Tuesday, July 15, 2014

Raising Meat Rabbits in Alaska (Part 2)

We have all heard the description of some prolific procreators (of any species) as “breeding like rabbits.” So I thought that putting a male and female together would be easy. However, like most things in nature, we have encountered great variability in the rabbits we have raised. Some females are natural mothers; others don't know what to do. Some females successfully evade the efforts of males by speed or by aggressive biting, scratching and pushing; others are passive.  Some males are natural sperm donors and others just want the exercise of chasing a female around, followed by a meal and a nap. (Sound like any people you know?) A congenial mating pair can potentially produce about 4 kindlings (litters) per year, yielding 16 – 32 kits (babies).  A male with two females can possibly double that.  

We have experience with two breeds over two years: Flemish giants and satins (medium size).  We plan to buy additional medium sized breeds in the future, to see which ones work best in our setting and produce the most efficient feed:meat/care ratio.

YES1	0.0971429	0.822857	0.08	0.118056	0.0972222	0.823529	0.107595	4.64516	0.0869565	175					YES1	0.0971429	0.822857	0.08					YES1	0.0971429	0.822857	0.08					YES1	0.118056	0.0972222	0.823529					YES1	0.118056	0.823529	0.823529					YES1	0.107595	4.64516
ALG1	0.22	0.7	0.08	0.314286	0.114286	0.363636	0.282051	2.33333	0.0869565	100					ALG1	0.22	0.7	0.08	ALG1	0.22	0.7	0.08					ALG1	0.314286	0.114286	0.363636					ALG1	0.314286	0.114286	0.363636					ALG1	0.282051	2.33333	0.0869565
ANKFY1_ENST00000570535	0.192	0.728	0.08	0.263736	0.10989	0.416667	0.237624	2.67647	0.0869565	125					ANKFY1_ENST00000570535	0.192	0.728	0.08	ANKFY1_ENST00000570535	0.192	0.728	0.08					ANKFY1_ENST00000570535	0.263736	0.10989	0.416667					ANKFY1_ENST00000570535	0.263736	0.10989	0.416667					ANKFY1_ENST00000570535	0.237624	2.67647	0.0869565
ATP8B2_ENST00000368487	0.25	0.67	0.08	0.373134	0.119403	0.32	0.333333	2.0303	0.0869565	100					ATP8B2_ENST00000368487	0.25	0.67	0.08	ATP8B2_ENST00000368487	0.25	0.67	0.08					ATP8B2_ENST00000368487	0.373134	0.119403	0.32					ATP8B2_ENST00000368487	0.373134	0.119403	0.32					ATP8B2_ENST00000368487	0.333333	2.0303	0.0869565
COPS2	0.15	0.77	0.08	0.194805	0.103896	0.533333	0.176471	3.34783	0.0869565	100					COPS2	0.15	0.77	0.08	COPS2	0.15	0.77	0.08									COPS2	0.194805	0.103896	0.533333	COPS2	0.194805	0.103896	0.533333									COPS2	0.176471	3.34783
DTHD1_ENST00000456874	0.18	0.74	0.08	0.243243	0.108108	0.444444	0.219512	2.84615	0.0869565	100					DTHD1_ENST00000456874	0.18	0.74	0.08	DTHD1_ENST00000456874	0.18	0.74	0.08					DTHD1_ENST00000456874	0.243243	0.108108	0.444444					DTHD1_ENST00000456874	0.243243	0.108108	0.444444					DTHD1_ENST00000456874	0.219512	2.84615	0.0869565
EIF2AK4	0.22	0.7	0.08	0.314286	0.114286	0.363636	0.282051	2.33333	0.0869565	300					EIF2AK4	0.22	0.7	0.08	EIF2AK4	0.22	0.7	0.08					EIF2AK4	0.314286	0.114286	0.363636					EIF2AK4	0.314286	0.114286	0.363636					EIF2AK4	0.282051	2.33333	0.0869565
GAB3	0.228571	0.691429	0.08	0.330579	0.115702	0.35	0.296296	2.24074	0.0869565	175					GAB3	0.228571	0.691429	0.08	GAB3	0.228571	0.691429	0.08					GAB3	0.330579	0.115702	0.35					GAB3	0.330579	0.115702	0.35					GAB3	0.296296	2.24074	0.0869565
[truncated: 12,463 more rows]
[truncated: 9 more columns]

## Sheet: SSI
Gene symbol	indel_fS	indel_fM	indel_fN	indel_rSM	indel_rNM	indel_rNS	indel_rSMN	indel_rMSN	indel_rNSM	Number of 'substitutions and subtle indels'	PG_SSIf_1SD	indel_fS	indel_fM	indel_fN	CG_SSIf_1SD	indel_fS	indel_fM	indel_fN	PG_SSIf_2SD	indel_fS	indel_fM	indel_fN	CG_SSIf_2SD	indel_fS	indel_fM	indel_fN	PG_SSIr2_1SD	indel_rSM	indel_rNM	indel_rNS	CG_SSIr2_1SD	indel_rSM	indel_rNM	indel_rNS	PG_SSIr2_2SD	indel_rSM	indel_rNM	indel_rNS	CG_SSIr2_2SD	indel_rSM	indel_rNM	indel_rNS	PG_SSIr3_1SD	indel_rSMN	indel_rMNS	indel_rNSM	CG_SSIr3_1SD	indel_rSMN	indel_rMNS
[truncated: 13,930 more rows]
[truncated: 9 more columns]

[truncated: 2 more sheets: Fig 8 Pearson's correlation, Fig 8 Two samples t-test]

Thursday, July 3, 2014

Raising Ducks in Alaska

For several years, we have raised chickens and enjoyed their company, eggs, and insect eradication quite a bit.  Last winter, my husband suddenly thought, “Let's raise ducks, too. How different can it be?”

Well, four ducks later, I can tell you: VERY DIFFERENT.

Our chickens (Plymouth Rocks and Araucana) are analogous to quiet, diffident librarians, delicately “sipping tea and nibbling scones” in a warm, dry place, before going to bed early.

By contrast, the ducks (harlequins) are like big footed, gangly, noisy, messy teenagers, who strew their stuff all around, taking up space, spewing food and water everywhere, and wanting to stay up all night. When my husband first flew them to our property, in a tall pet carrier, I thought they were geese - they seemed so large.
Ducks leaving the lake, heading home

The woman in Palmer, AK, from whom we bought them, asked us to take a mating pair together, whom we named Mr. and Mrs. But because Mr. bonks the other two females with equal frequency (on land, in the snow or holding their heads under water – it doesn't matter), I can't say that I have observed any of the fidelity so famous in swans and loons. The other females we named Dora (because she was always the early explorer) and Daylate (which in retrospect is not well deserved, but at first, she always seemed “a day late and a dollar short”).

I found that raising ducks involved both “good news” and “bad news” - at least in our setting.